When the founders of the United States framed the American Constitution, one of the concerns that guided their work was the knowledge that popular democracy would eventually become an entirely commercial proposition. This fear is clearly illustrated by the tax “reform” legislation just passed by the Republican majority in Congress. It seeks to buy votes next November with reductions in federal tax revenue that must ultimately be funded with ever larger amounts of public debt.
Of course, all of us hope that the various provisions of the tax bill will in fact lead to more investment, higher productivity and increased economic growth. Yet if we examine the narrative that helped to win passage of the legislation, many of the assertions made by politicians and their allies in the world of economics make little sense. In particular, the notion that lower corporate tax rates will lead to repatriation of corporate cash stashed offshore, thereby funding increased investment and productivity, and ultimately creating more jobs in the United States is, upon reflection, a complete nonsense.
First and foremost, corporate investment decisions are based upon the cost of capital and the prospective equity returns that new investment can generate, not the availability of cash. In a world where corporate bond yields are at all time lows and equity market valuations are at all-time highs, the effective cost of capital for many multinational companies is arguably negative. The problem is not funding new investments, but finding new endeavors in which to deploy cheap and plentiful capital.
The economists who largely control the major central banks in the industrialized nations may be able to manipulate markets and cancel excessive debt through open market operations, but they cannot manufacture attractive investments. Indeed, the low interest rate regime put in place by the Federal Reserve, the European Central Bank and the Bank of Japan arguably retards new productive investments by driving cash into real estate, commodities and speculative whimsies such as cryptocurrencies.
One of the most outrageous fallacies put forward by economists over the past year is that lower U.S. corporate tax rates will cause the repatriation of offshore cash balances. This view, which is widely endorsed by many analysts, fails to reflect the true nature of offshore tax schemes and how problematic it will be to reverse these complex transactions.
In 2016, Karen C. Burke and Grayson M.P. McCouch the University of Florida published an article entitled “Sham Partnerships and Equivocal Transactions” for the American Bar Association’s journal Tax Lawyer. The understated article provides an in-depth look at how American corporations have stashed literally trillions of dollars in offshore venues since the 1990s to avoid domestic taxes. The authors state:
“Corporate tax shelters proliferated during the 1990s, exploiting the flexible partnership tax rules of Subchapter K to defer or eliminate tax on hundreds of billions of dollars of corporate income. The corporate tax shelters were typically structured as a financing transaction in which a U.S. corporation leased its own assets back from a partnership, generating a stream of deductible business expenses while shifting taxable income to a tax-indifferent party such as a foreign bank. Since the transaction allowed the U.S. corporation to raise capital in a tax-advantaged manner in connection with its regular business operations, it was assumed that the transaction had economic substance. Nevertheless, in scrutinizing these shelters, courts have invoked a sham partnership doctrine, derived from the longstanding Culbertson intent test, which disregards a partnership that lacks a bona fide purpose (or, alternatively, a purported partner whose interest does not constitute a bona fide equity participation).”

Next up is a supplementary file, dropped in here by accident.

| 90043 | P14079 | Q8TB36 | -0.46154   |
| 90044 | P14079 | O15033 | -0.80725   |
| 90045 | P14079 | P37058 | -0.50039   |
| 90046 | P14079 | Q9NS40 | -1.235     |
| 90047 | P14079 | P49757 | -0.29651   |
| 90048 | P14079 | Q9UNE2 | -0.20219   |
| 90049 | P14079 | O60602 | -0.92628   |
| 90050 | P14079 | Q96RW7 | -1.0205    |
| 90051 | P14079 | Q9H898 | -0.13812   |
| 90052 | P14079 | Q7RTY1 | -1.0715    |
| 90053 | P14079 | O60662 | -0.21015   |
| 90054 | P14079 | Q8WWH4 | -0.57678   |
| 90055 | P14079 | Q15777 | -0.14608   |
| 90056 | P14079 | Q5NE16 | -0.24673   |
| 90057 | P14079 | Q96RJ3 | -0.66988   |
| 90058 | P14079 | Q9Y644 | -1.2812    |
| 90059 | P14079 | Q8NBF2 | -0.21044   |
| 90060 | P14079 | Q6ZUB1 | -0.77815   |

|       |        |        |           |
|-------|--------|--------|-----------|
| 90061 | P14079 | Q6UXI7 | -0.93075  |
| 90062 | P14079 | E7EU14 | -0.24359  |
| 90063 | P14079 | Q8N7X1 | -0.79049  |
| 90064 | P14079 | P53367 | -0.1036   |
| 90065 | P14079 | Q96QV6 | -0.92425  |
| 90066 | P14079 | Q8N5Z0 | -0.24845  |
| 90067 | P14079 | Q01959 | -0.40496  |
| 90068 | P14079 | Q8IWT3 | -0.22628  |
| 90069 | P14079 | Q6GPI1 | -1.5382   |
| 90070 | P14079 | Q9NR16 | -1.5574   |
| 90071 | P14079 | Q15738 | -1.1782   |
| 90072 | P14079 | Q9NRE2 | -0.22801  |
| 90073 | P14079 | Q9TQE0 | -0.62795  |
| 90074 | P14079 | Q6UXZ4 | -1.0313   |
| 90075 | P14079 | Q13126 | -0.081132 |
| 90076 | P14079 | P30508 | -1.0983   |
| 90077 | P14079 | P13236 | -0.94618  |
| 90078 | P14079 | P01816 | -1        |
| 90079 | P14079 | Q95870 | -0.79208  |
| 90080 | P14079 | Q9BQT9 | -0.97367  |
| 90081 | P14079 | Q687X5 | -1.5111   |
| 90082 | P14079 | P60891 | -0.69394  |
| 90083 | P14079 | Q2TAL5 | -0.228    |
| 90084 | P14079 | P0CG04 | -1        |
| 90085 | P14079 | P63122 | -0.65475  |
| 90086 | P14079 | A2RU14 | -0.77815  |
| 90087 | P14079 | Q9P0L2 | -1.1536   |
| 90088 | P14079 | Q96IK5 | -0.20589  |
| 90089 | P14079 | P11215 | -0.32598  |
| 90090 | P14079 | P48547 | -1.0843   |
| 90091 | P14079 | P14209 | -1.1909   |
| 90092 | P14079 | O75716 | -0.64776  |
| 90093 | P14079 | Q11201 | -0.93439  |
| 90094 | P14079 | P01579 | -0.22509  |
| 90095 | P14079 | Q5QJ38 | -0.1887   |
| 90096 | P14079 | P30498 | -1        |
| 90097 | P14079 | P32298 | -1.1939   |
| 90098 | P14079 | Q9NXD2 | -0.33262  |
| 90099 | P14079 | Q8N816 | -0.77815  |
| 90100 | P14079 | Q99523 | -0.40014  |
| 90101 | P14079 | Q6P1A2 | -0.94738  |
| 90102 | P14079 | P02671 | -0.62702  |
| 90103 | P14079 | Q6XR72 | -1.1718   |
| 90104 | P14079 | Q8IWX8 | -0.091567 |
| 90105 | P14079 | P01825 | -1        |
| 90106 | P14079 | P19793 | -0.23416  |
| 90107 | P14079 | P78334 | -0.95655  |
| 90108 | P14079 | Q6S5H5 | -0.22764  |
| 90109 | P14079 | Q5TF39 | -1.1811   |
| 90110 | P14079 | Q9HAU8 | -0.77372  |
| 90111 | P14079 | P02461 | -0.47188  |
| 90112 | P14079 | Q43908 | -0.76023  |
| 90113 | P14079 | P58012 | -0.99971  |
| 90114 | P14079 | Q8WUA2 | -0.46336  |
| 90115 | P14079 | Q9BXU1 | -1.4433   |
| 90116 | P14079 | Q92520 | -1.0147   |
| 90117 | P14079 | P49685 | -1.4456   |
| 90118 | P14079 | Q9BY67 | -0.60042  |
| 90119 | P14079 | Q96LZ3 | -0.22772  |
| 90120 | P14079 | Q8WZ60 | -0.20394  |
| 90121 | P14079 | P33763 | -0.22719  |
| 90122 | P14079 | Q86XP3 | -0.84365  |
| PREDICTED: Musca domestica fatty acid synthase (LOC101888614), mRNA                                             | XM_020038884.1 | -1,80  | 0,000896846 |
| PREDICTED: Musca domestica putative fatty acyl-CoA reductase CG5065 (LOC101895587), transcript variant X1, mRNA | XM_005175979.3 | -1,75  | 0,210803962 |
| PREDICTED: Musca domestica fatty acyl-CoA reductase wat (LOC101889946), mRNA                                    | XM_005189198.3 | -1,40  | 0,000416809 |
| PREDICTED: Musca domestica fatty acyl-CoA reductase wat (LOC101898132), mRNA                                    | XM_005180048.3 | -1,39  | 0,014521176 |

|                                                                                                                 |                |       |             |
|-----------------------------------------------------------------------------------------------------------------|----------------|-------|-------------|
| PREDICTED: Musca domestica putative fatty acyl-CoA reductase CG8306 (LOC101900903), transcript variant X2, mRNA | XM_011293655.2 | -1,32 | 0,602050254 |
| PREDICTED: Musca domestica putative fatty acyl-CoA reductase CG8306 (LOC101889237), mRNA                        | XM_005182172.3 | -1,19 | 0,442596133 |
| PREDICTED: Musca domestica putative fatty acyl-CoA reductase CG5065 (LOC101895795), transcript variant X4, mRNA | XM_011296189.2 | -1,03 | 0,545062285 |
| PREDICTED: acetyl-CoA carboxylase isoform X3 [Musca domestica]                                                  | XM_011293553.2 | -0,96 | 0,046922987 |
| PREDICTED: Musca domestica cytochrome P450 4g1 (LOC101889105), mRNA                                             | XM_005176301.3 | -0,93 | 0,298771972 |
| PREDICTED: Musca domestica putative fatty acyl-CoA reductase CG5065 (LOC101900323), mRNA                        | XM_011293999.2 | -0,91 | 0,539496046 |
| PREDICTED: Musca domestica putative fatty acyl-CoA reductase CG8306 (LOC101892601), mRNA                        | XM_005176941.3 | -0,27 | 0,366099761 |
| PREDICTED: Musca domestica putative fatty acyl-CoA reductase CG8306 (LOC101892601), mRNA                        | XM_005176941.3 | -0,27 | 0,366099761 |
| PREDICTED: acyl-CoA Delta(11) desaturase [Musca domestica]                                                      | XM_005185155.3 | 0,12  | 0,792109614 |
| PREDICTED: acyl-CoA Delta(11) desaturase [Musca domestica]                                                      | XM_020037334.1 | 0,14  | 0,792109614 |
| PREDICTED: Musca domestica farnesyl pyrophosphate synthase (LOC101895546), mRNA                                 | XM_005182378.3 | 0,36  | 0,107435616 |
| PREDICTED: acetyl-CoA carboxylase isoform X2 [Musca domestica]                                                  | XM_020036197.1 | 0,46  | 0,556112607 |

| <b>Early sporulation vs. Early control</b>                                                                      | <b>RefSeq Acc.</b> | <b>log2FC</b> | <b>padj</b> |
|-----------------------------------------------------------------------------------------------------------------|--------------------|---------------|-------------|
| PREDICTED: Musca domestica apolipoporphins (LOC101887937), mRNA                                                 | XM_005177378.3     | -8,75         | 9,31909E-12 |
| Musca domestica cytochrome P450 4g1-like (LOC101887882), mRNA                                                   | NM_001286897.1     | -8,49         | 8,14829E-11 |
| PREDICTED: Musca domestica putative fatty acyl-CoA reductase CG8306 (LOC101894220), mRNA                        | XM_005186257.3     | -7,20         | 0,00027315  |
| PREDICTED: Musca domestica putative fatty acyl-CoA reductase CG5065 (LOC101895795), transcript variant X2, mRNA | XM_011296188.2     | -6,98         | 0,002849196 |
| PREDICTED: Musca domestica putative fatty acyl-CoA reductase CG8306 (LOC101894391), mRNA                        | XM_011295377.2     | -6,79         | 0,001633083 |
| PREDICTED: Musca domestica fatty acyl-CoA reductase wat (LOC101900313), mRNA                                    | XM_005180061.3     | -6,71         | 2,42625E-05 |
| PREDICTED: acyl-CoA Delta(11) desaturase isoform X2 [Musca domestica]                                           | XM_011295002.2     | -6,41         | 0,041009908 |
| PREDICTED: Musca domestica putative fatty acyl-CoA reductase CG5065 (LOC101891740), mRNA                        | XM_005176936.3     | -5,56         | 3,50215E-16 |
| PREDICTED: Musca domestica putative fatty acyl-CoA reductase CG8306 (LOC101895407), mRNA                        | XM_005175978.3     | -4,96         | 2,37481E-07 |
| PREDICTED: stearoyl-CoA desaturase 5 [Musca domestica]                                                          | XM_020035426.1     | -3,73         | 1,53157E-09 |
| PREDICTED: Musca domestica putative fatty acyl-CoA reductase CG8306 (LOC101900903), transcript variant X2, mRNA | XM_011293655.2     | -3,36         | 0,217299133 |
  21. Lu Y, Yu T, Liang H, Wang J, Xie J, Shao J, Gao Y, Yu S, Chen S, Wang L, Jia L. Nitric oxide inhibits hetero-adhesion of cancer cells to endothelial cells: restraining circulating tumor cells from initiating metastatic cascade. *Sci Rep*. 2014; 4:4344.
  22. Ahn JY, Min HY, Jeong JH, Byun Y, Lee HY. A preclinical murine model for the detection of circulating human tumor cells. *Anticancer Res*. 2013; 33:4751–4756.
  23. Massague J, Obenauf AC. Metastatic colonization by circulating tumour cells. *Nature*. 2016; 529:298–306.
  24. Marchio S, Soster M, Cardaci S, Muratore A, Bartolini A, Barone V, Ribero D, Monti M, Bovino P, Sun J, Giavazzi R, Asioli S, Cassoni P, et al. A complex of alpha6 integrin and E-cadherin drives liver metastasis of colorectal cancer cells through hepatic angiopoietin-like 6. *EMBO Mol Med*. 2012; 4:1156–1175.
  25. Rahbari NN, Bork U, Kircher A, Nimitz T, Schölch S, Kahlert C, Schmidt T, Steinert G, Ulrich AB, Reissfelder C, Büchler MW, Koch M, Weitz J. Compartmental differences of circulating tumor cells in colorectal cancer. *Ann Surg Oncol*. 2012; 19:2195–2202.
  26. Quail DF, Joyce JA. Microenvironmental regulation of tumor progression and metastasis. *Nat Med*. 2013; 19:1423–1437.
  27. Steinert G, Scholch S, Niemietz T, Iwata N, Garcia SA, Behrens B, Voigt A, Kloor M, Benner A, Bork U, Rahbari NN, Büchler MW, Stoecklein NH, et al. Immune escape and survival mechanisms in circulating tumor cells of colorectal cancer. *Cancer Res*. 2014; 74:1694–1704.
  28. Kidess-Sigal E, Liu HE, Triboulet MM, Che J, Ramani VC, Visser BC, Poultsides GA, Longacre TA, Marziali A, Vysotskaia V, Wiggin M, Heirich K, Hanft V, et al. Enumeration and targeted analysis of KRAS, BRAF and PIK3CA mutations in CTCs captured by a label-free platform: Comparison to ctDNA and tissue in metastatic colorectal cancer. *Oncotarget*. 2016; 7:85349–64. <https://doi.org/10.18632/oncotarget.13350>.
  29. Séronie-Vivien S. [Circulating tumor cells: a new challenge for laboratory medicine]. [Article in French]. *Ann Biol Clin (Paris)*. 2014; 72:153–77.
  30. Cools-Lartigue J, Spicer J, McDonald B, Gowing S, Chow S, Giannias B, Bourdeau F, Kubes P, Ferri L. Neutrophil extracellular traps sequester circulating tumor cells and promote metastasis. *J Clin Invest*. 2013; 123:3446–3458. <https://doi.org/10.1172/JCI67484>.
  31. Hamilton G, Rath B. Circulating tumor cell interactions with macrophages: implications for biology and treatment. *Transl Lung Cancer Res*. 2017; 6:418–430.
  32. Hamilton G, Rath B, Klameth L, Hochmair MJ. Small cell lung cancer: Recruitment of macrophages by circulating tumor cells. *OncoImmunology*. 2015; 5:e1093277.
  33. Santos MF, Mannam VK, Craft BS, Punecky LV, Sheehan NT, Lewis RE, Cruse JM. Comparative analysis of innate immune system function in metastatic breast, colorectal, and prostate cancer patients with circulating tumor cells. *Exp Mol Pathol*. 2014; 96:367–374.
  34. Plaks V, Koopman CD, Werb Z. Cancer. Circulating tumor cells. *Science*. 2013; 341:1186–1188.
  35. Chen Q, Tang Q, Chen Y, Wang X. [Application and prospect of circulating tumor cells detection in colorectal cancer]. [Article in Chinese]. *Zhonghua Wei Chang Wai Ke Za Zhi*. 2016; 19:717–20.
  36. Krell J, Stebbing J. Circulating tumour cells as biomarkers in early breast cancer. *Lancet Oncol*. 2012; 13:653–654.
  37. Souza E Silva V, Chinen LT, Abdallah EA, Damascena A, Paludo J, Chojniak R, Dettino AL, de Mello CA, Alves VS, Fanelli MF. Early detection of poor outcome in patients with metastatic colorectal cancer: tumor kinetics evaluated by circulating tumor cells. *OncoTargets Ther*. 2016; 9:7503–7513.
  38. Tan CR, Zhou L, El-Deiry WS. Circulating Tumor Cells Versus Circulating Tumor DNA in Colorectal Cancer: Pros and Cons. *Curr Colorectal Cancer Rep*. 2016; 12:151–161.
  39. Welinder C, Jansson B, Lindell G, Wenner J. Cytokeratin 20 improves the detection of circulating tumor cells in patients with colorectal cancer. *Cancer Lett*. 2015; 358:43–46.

The Internal Revenue Service (IRS) is on to these fraudulent scams for which, of note, there is no statute of limitations. Significantly, in January of 2017, the U.S. Supreme Court declined to hear an appeal involving an adverse tax decision by the IRS against an affiliate of Dow Chemical known as Chemtech. The hundreds of corporations that have used offshore transactions to hide revenue knew that Dow’s appeal was their last hope to avoid sanctions by the IRS. General Electric is another example of an American corporation that has been forced by the IRS to reverse a bogus offshore “asset sale” transaction.
The IRS process of disallowing sham offshore transactions can be catastrophic. Consider the 2012 bankruptcy of tanker operator Overseas Shipholding Group (OSG) . When the IRS disallowed half a billion dollars in offshore “asset sale” transactions, the company was forced to file bankruptcy and restate years of financial statements. A torrent of litigation ensued.
Violations of U.S. tax laws can lead to both civil fines and criminal prosecution for the corporate managers and their legal counsel who designed these schemes. In the case of OSG, the company’s tax counsel was sued for negligence in the bankruptcy. OSG’s tax lawyers then sued OSG’s senior executives . The competing claims were eventually settled, but none of this has created any value for OSG’s shareholders, much less any new jobs.